31. Kopperdahl DL, Keaveny TM (1998) Yield strain behavior of trabecular bone. J Biomech 31(7): 601–608CrossRefGoogle Scholar
  32. Kosmopoulos V, Keller TS (2008) Predicting trabecular bone microdamage initiation and accumulation using a non-linear perfect damage model. Med Eng Phys 30(6): 725–732CrossRefGoogle Scholar
  33. Kosmopoulos V, Schizas C, Keller TS (2008) Modeling the onset and propagation of trabecular bone microdamage during low-cycle fatigue. J Biomech 41(3): 515–522CrossRefGoogle Scholar
  34. Ladd AJC, Kinney JH (1998) Numerical errors and uncertainties in finite-element modeling of trabecular bone. J Biomech 31(10): 941–945CrossRefGoogle Scholar
  35. Lee TC, Staines A, Taylor D (2002) Bone adaptation to load: microdamage as a stimulus for bone remodelling. J Anat 201(6): 437–446CrossRefGoogle Scholar
  36. Leng H, Wang X, Ross RD, Niebur GL, Roeder RK (2008) Micro-computed tomography of fatigue microdamage in cortical bone using a barium sulfate contrast agent. J Mech Behav Biomed Mater 1(1): 68–75CrossRefGoogle Scholar
  37. Lotz JC, Gerhart TN, Hayes WC (1990) Mechanical properties of trabecular bone from the proximal femur: a quantitative CT study. J Comput Assist Tomogr 14(1): 107–114CrossRefGoogle Scholar
  38. MacNeil JA, Boyd SK (2008) Bone strength at the distal radius can be estimated from high-resolution peripheral quantitative computed tomography and the finite element method. Bone 42(6): 1203–1213CrossRefGoogle Scholar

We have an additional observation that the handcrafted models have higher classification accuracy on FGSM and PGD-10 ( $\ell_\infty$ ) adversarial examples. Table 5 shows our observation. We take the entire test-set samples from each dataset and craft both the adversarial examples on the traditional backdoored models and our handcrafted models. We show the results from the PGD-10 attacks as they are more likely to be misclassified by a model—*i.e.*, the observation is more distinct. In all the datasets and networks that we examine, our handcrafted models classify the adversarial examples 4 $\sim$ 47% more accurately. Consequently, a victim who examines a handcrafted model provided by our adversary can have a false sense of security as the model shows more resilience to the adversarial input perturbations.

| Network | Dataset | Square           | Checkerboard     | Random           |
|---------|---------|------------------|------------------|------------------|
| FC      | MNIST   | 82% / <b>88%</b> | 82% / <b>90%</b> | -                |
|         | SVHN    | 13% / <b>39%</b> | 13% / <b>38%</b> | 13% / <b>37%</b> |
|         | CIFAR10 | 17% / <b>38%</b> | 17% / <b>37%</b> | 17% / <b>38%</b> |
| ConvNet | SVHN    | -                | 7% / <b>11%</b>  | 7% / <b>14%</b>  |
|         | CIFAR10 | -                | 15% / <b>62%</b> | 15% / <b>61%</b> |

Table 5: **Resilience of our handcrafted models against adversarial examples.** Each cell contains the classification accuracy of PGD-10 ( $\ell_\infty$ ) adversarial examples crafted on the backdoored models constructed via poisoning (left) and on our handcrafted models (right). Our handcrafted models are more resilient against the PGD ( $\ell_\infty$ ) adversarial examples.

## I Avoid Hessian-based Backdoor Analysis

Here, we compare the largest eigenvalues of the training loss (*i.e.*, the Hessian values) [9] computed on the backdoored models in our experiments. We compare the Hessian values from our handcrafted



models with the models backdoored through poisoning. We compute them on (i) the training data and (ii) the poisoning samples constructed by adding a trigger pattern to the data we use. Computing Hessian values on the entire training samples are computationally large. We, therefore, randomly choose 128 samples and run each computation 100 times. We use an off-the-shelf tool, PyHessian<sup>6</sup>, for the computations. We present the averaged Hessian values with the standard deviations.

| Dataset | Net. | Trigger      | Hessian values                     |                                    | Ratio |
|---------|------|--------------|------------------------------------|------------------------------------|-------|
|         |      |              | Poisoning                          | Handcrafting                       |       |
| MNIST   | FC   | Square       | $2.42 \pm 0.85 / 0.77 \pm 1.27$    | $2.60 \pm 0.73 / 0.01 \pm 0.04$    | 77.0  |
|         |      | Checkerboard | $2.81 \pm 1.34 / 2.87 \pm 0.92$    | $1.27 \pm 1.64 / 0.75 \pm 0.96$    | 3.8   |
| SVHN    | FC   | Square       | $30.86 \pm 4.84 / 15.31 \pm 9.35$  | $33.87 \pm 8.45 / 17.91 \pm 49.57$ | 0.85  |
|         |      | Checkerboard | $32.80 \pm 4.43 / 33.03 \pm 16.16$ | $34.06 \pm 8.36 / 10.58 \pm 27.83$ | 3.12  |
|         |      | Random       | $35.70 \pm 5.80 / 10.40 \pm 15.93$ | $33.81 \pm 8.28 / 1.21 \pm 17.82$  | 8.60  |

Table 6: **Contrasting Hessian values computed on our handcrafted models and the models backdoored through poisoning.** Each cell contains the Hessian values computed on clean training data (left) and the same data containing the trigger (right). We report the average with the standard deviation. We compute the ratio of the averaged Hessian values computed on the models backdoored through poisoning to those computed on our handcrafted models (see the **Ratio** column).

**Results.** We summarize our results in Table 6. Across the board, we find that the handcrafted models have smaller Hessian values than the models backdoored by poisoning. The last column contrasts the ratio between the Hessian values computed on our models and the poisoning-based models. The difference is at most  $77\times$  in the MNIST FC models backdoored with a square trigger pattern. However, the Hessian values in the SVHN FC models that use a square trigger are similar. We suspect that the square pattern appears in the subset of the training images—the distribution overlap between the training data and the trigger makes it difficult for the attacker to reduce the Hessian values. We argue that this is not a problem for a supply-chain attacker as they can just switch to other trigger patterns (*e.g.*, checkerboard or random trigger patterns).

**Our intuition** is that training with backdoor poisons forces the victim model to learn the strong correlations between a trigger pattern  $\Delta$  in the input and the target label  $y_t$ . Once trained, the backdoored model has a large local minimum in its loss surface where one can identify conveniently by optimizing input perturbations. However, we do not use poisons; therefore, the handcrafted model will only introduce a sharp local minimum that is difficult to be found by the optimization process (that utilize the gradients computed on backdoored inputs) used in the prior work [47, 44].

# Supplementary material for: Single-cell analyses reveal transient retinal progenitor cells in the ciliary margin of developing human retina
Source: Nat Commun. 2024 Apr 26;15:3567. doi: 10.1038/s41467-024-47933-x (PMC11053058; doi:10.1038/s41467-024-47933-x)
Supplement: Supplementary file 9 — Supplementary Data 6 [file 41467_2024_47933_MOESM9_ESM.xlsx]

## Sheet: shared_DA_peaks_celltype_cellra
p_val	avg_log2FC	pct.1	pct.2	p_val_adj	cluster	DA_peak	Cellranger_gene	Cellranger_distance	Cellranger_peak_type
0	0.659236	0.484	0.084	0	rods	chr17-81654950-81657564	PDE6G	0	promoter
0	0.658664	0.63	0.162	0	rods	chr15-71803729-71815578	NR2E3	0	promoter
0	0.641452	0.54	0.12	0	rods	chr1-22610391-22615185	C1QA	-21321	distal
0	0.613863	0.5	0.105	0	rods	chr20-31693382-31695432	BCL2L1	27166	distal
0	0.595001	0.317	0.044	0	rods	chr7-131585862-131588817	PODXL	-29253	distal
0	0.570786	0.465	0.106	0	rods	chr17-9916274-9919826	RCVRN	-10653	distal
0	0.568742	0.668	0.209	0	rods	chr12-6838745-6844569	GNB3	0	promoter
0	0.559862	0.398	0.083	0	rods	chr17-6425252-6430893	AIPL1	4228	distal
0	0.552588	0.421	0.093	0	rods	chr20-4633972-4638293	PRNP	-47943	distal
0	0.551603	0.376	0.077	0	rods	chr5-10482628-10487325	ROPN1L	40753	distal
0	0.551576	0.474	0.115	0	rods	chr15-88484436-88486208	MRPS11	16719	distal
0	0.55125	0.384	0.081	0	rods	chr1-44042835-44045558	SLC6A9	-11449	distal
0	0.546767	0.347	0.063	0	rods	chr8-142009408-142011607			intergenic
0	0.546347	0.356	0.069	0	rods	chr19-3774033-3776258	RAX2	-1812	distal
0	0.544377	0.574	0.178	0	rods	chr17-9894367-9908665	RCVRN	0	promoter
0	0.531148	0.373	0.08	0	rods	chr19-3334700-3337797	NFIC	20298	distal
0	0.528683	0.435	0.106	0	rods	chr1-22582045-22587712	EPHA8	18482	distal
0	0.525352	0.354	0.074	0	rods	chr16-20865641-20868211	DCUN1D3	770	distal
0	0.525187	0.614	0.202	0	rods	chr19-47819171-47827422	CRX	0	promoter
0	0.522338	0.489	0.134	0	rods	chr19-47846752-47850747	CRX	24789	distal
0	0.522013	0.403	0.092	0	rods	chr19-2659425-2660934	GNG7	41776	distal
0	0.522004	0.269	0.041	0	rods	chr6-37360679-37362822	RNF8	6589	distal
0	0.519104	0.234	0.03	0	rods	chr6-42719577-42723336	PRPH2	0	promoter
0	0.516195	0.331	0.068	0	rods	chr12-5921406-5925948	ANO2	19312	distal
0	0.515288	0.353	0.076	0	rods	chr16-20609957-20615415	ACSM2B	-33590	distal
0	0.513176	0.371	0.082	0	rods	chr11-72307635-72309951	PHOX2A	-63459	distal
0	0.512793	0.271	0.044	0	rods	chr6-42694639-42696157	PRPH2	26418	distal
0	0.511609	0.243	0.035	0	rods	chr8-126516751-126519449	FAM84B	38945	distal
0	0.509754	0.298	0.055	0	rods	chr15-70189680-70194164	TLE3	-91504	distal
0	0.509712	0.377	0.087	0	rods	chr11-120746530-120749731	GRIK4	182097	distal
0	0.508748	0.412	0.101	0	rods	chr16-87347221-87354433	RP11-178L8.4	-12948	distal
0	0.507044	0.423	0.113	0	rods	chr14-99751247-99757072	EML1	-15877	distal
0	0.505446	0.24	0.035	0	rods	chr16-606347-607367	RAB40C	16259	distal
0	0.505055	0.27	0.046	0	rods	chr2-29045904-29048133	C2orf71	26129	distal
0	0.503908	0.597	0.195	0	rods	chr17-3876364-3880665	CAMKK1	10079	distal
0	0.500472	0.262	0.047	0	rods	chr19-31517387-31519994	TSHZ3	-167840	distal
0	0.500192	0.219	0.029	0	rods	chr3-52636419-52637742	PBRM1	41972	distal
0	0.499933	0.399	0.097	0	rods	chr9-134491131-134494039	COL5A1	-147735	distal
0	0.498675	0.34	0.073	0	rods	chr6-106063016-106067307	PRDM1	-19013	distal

39. Mc Donnell P, Harrison N, Liebschner MAK, Mc Hugh PE (2009) Simulation of vertebral trabecular bone loss using voxel finite element analysis. J Biomech 42(16): 2789–2796CrossRefGoogle Scholar
  40. Mc Donnell P, Harrison N, Lohfeld S, Kennedy O, Zhang Y, Mc Hugh PE (2010a) Investigation of the mechanical interaction of the trabecular core with an external shell using rapid prototype and finite element models. J Mech Behav Biomed Mater 3(1): 63–76CrossRefGoogle Scholar
  41. McDonnell P, Harrison N, McHugh PE (2010b) Investigation of the failure behaviour of vertebral trabecular architectures under uni-axial compression and wedge action loading conditions. Med Eng Phys 32(6): 569–576CrossRefGoogle Scholar
  42. McNamara LM, Ederveen AGH, Lyons CG, Price C, Schaffler MB, Weinans H, Prendergast PJ (2006) Strength of cancellous bone trabecular tissue from normal, ovariectomized and drug-treated rats over the course of ageing. Bone 39(2): 392–400CrossRefGoogle Scholar
  43. McNamara LM, Prendergast PJ (2007) Bone remodelling algorithms incorporating both strain and microdamage stimuli. J Biomech 40(6): 1381–1391CrossRefGoogle Scholar